It takes you from Tiberius, to Egypt, Israel, and even Brooklyn, NYC.. People you wouldn't think wouldn't be have any dealing with this.  But, when it has to do with sacred text, and valuable items for exchange of money. everyone comes out of the wood work don't they? 



The Aleppo Codex is in Israel, at the Shrine of the book. It also is housed with the Dead Sea Scrolls. 



The Codex isn't entirely exhibited. It only shows four pages, and the rest is held in another part of the museum, for safe keeping.  

I give it five bagels!!!! 
Nothing since The Golem and the Jinni has been as good.
I would like to thank the Jewish community of Aleppo for protecting the Codex.  I would also like to thank Matti Friedman for writing this important book for the Jewish community. 

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Tuesday, August 12, 2014

Jewish Carnival for August





Rebbe
By Joseph Teluskin
Harper Collins

This past month, the Chabad community of Myrtle Beach hosted a wonderful program. It was a book review, and discussion of the life of Rabbi Schneerson. Not just the orthodox community came. But, the rest of the Jewish community of Myrtle Beach was represented.  Which included Temple Emanu-El, Temple Shalom, and Temple Beth Elohim. Apparently all over the United States, each Barnes and Noble invites the Chabad community to talk about the books. Incidentally, there are two others that came out about the Rebbe recently as well.  This comes on the twentieth anniversary of his death.

 I grew up in Michigan, and in New Jersey. Raised Jewish in a conservative temple. I went to hebrew school. But, my family never exposed me to the orthodox community.Living  in New Jersey, and occasionally saw girls in long dresses, and lots of babies and was curious, but not overly curious. The same in Miami.  Where I lived, which was not a " community of Jews". I lived in a mainly christian area all my life.

But, when I moved to Myrtle Beach, a small coastal town. The Chabad community sticks out. Seeing them every  Saturday walking to shul.  I was very curious about the orthodox community of Jews. I came to know them, because I became friendly with one of the teachers. She occasionally called on me to substitute at the Chabad school. I learned more and more about Chabad, and the community.

Then a couple of us, wanted to start a Rosh Hodesh group. This is when I learned about the Chabad community. When I got into their circle. I was then invited to Rosh Hashanah dinners, and Shabbat dinners occasionally. Where I learned more about practices the traditions and rituals as a Jew.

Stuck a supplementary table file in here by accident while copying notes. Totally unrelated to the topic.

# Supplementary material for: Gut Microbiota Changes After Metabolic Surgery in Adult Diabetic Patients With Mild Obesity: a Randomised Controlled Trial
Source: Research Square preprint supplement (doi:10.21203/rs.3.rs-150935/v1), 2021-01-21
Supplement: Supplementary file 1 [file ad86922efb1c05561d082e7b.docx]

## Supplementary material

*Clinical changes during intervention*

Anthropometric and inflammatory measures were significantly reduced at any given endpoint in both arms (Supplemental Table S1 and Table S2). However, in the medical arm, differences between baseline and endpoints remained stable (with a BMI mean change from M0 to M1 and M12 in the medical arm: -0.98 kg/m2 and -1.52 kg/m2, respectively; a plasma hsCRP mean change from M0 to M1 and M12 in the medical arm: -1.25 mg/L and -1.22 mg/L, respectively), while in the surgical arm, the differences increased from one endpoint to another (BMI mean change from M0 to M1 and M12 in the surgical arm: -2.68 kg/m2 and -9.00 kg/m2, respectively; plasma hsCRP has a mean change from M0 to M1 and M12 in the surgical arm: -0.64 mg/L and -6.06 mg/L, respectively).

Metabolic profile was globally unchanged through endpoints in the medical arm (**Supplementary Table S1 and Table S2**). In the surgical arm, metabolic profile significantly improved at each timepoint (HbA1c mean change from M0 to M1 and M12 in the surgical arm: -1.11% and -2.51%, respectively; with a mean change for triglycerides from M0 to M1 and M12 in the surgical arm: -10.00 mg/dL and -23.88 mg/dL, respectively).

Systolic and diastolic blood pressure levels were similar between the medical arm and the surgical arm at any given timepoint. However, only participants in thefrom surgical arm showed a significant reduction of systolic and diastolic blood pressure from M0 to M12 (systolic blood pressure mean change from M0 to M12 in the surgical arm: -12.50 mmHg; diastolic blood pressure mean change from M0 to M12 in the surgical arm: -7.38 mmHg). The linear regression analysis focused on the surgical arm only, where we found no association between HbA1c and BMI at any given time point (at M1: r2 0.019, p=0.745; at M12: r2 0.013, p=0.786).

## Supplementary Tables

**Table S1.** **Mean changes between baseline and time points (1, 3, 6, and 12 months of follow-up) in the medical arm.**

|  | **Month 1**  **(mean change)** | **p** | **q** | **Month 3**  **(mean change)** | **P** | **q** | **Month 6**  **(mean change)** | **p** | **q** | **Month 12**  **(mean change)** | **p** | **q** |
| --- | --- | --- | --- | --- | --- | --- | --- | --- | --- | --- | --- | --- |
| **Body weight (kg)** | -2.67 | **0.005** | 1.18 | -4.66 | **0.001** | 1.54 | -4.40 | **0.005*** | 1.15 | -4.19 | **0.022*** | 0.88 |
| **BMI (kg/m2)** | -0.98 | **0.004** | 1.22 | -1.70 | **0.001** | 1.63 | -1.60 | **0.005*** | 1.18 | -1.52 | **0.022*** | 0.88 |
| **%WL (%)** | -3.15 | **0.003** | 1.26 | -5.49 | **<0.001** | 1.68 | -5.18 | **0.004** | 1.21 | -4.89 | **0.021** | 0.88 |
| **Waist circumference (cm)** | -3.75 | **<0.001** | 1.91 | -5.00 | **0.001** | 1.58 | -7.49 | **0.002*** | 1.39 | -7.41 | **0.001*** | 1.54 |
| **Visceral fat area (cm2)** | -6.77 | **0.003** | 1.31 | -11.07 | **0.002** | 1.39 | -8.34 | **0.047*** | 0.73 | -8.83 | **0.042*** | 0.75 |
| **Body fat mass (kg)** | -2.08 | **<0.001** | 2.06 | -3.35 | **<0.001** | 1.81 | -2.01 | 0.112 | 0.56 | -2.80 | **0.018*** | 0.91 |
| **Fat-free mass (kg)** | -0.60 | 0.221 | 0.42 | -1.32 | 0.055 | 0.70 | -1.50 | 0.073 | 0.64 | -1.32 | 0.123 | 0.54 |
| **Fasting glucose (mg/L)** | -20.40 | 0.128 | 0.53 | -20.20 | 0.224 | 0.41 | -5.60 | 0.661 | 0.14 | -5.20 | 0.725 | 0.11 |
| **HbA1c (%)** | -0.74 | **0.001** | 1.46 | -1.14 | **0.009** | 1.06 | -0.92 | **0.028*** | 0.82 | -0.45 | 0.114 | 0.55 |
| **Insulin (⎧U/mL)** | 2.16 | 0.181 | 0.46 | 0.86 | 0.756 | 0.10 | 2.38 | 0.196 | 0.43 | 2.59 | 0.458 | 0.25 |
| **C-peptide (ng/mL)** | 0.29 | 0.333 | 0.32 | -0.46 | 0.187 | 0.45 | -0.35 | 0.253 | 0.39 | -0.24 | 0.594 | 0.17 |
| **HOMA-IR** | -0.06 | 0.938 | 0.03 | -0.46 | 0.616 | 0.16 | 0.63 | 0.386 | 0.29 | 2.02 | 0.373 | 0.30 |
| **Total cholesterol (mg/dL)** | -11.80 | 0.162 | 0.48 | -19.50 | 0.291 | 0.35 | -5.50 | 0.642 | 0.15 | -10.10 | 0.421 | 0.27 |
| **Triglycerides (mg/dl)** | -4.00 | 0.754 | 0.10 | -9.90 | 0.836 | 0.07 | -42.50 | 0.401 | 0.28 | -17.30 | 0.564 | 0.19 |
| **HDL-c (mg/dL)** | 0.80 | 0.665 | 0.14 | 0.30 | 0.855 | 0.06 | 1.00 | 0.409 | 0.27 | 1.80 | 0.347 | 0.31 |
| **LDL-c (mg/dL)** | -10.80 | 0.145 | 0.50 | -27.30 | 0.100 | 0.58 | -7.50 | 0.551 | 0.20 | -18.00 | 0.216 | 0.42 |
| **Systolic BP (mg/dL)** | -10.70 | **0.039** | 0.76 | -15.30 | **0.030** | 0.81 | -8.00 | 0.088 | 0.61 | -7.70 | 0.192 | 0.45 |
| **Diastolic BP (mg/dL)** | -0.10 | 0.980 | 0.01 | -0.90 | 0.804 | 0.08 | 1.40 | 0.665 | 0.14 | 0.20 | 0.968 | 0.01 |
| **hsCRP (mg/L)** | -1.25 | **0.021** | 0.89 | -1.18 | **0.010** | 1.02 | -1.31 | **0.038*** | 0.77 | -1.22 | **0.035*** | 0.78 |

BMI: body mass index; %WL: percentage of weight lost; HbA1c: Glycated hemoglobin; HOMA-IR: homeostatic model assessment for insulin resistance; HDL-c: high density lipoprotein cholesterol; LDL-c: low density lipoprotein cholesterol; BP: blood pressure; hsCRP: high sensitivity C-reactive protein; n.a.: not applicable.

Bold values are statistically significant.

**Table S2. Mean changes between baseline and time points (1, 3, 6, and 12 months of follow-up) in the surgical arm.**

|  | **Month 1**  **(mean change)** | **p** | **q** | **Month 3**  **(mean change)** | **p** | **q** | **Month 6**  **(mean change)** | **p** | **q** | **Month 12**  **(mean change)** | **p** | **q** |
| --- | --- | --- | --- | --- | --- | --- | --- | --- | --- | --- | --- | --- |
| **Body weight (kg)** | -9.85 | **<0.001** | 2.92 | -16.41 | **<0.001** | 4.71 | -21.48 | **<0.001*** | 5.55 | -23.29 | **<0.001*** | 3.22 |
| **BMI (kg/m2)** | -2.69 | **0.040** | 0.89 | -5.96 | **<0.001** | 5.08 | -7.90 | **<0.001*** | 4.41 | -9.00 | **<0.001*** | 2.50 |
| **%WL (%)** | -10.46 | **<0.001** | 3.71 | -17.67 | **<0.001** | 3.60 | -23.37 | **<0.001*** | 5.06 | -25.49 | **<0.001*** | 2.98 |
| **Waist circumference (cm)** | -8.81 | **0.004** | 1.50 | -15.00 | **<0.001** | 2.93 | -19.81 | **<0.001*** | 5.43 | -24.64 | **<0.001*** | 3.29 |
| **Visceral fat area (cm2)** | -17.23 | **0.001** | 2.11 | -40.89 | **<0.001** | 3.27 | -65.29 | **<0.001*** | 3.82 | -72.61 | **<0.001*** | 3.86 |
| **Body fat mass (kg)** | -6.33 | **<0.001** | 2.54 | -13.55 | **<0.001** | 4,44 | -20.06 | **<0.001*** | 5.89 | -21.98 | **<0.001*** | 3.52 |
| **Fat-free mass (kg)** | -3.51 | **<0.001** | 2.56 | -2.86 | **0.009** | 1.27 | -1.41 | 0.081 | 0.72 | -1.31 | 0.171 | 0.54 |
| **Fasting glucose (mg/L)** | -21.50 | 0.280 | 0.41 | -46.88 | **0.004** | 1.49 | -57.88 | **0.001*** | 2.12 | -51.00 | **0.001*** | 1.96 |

Now, I will introduce you to Rebbe, by Joseph Teluskin.  Rebbe is a fascinating book. It divides the chapters up in different topics of the Rebbe. It is a fast, and easy read. Not, too academic for the lay person. The book is over 600 pages.The Chabad headquarters is in Crown Heights in New York City.  You learn about the many emissaries that go into towns to start a outreach.  You learn a bit about his life. How the Chabad started in Europe. How he became the successor for his father in law.  Who would become his successor? What happened to his many books? What his ideas are, what he thinks about politics, what his thoughts are about boys going to college, etc. etc.

I have and own a couple of Joseph Teluskin's books, and enjoy reading them. This book, was not a disappointment.  I would like to thank, Harper Collins for giving me a review copy. Here is a link about Rabbi Schneerson.  Here is another link for more specific information. If you are orthodox, and looking for information on Chabad here is their link.

Also, here is a review by one of my favorite Jewish author's, Dara Horn.

Tuesday, August 5, 2014

Updated Post on People of the Book




Revisiting People of the Book

A few years ago, I read, and posted The People of the Book by Geraldine Brooks. I have always been swayed back and reminded about the book, someway. This time it was from one of my fellow book bloggers. She is reading the novel, and I sent my link from my posts. After reading and reminiscing about the book. I had put the book to rest.  But, I still think there is much to talk about with the novel. Especially, what is going on in the Middle East.  The People of the Book links Jews to Muslim, and visa versa. It reminds us we are all human and linked to each other. Not, just about killing each other.

So, I decided to google and see what else pops up recently.  There was an amazing program on PBS. Here is the link. Here is some pictures as well.  You can visit my previous posts about these amazing artifacts, and here are my other posts about the Hagaddah.